In today’s Gospel (John 10:1-10) Jesus presents himself as the Good Shepherd. The Good Shepherd calls his own sheep by name. He leads them. This shows us that Jesus knows each one of us by name. Jesus has a special and unique relationship with each and every one of us.
In our ever increasing Information Age you and I have become little more than numbered people: checkbook numbers, social security numbers, driver’s license numbers, plus all the computer passwords and numbers we are forced to use every day. We have all been reduced to numbers and letters.
When we watch the reports and the news about the coronavirus victims, a big part of the screen is filled with numbers – the number of the people who have contracted the virus in countries throughout the world, in our country and in each of our states. We see the numbers of those who have died because of the virus in each country, our country, and in each state.
All of the numbers keep rising. Once in a great while the commentator will talk about a person or two that has died because of the virus. The rest of the people – are simply numbers, numbers to be put on the screen, in coffins and be buried or cremated with only a couple of people present.
In the concentration camps of World War II Hitler had numbers tattooed on the arms of Jews and others. These prisoners were not human beings with names, but faceless, impersonal numbers. It makes it easier to hate and then to kill numbers or categories, doesn’t it? THOSE Jews, THOSE Germans, THOSE Japanese in World War II.
A hundred years ago in our own country it was – THOSE Italians, THOSE Irish, THOSE Poles, THOSE Catholics, THOSE Blacks. Today we do the same with categories and numbers – THOSE Muslims, THOSE Mexicans, THOSE Illegal Aliens, and now with the pandemic, we can add THOSE Asians and THOSE Chinese.
In the diaries of Osama bin Laden we are all lumped together, THOSE Americans, easy to hate, easy to kill. We can point our finger at anyone. It’s important to really listen to what we say and more important to listen to what Jesus says to us.
There is an Old Riddle in the Jewish Talmud that asks: “Why did the Tower of Babel fall? The Answer: Because the leaders of the project were more interested in the WORK than in the WORKERS.
When a brick for the Tower would fall and break, the owners were upset and bewailed the loss of a brick. But when a worker fell to the earth from exhaustion, they were ignored. God destroyed the Tower of Babel not because it was reaching toward heaven, but because they were more interested in the bricks than in the bricklayers.
The same thing is true today in corporate America where the only thing that matters are “the bricks” on the bottom line. The quarterly and yearly reports are all that really counts to management and stockholders. Today, with the coronavirus, when it comes to the safety of the workers…….?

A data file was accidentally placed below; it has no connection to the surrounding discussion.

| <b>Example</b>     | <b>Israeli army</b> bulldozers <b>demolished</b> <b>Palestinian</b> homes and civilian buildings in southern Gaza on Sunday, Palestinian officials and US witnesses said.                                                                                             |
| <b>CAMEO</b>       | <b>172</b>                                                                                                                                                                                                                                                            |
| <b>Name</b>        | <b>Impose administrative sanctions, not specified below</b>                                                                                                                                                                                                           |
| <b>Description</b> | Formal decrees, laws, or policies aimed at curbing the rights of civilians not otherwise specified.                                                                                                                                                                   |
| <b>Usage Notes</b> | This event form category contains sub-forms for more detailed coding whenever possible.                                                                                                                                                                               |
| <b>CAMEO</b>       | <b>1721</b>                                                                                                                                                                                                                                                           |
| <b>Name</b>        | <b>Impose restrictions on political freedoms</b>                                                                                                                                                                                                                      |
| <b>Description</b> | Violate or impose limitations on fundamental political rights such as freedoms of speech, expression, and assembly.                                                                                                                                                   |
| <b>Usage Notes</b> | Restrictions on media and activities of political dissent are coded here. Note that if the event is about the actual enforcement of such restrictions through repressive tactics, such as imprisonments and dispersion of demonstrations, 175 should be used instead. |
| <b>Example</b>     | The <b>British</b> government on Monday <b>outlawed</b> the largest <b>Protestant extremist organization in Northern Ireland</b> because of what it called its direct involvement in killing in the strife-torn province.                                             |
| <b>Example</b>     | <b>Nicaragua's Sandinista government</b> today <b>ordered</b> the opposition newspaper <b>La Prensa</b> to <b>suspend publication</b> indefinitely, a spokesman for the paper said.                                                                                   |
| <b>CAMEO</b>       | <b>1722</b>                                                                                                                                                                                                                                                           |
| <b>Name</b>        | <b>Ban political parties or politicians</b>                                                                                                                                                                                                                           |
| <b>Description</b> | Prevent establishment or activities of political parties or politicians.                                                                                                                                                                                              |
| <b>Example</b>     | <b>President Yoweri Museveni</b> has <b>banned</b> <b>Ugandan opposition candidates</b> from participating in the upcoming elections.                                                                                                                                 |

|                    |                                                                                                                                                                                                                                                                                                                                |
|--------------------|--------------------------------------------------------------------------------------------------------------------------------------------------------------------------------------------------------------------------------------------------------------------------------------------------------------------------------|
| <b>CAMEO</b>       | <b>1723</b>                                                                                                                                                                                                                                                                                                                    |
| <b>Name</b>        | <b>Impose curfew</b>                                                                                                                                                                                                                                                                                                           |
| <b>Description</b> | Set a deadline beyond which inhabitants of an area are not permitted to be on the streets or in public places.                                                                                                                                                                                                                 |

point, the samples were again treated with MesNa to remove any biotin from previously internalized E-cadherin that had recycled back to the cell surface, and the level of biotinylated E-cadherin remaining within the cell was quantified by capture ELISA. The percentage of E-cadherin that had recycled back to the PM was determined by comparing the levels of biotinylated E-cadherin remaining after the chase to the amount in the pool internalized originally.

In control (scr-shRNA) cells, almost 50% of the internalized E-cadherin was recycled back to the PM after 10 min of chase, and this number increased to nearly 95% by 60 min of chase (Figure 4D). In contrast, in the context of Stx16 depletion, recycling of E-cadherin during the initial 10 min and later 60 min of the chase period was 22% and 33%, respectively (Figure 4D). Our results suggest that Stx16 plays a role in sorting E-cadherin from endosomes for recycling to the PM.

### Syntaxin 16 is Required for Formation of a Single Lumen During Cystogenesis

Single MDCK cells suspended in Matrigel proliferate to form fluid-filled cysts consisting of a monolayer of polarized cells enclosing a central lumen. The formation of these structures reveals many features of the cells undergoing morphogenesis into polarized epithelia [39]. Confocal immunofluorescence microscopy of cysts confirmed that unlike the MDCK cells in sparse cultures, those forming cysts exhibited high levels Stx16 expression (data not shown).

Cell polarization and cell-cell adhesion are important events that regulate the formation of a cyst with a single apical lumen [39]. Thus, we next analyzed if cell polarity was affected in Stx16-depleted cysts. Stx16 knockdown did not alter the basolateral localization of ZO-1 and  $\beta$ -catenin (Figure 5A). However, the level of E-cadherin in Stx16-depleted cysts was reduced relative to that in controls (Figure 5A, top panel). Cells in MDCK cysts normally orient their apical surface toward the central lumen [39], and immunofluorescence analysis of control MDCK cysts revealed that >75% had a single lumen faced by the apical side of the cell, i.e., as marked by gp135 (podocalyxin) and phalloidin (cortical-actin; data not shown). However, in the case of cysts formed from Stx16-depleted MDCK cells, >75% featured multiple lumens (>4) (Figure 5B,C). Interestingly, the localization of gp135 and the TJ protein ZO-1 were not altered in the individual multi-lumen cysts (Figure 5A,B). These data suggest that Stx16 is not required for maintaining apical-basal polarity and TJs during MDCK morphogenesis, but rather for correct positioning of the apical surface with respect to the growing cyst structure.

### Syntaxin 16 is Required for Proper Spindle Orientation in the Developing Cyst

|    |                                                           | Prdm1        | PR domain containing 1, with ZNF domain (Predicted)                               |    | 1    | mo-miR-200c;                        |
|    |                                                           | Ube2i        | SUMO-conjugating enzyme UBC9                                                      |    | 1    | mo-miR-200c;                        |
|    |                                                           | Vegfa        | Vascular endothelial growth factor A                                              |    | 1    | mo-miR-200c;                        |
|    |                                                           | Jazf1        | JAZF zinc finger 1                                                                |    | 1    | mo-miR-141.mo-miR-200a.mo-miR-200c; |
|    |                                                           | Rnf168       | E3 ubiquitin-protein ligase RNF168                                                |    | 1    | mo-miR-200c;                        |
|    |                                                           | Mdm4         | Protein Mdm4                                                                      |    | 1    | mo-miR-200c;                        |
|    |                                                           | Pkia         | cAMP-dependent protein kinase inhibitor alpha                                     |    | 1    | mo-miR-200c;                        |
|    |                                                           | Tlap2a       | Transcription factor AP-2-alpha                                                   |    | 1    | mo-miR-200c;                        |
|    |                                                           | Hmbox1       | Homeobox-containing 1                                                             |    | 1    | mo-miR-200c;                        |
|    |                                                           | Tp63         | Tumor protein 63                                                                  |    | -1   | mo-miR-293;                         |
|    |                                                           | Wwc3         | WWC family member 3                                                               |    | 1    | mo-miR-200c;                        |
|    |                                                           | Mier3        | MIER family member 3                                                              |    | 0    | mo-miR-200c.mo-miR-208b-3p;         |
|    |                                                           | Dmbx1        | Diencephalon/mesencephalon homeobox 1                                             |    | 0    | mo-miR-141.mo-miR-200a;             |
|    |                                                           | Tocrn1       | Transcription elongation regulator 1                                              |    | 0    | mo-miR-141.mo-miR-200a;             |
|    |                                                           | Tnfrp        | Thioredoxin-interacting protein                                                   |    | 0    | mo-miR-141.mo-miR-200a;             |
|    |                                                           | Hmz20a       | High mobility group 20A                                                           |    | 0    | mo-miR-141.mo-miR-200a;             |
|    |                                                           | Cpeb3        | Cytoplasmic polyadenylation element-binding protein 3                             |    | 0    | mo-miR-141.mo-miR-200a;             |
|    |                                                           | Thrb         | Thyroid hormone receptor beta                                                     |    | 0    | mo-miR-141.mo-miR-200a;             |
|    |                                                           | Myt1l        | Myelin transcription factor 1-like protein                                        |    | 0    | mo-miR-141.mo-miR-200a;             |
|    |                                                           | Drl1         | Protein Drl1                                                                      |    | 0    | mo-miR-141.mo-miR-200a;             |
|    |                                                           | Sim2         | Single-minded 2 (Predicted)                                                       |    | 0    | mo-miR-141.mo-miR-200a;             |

The Old Riddle from the Talmud highlights the basis of rejection, prejudice, racism, and persecution. It reduces so many people to numbers and categories, making them abstractions, not knowing their name and calling by name. I know a bishop in the United States who when he visits the parishes in his diocese, refers to the pastor of the parish as, “Father Pastor” and the principal of the school as “Sister Principal.” He does not even use their names!
This past year I have seen more than my share of medical personnel. Once in awhile someone will ask, “How OLD are you?” I get the feeling that I am being reduced to a category – OLD!
Jesus in today’s Gospel will have none of the above. Jesus knows his sheep and he calls each of them by name. Each and every person matters to Jesus. The sweetest sound in the world to each one of us is to hear someone say our name out loud.
To overcome prejudice, to overcome putting people into categories is to learn to SEE as JESUS SEES, to KNOW people as JESUS KNOWS people and to FORGIVE others as JESUS FORGIVES them.
This means seeing people as individuals, people with a name and a history – to be more interested in the BRICKLAYER than the BRICKS.
There was an old sheep farmer whose neighbors’ dogs were always killing his sheep. It got so bad he knew he had to do something. As he saw it, he had 3 options: 1. In the true American spirit, he could sue and bring his neighbors to court. 2. He could build a stronger and a higher fence so his neighbors’ dogs could not get in.
But he chose 3. He gave 2 lambs to his neighbors’ children. In time those lambs grew into sheep and had other sheep. The neighbor and his children got to see sheep, not as an impersonal herd, but as fuzzy animals with individual traits. The children gave each of them names. Before long, the dogs were put into pens.
Jesus, the Good Shepherd, is a Good Lord. I pray to him for the strength to overcome my many prejudices. The Good Shepherd is the God of Jews and Gentiles, Christians and Non-Christians, Retreads and Rejects, the Good Shepherd of you and me and the Good Shepherd of all the people we categorize as THOSE. The Good Shepherd knows every single person on the earth by name!
Who are the people you tend to label as THOSE people? What makes you say that?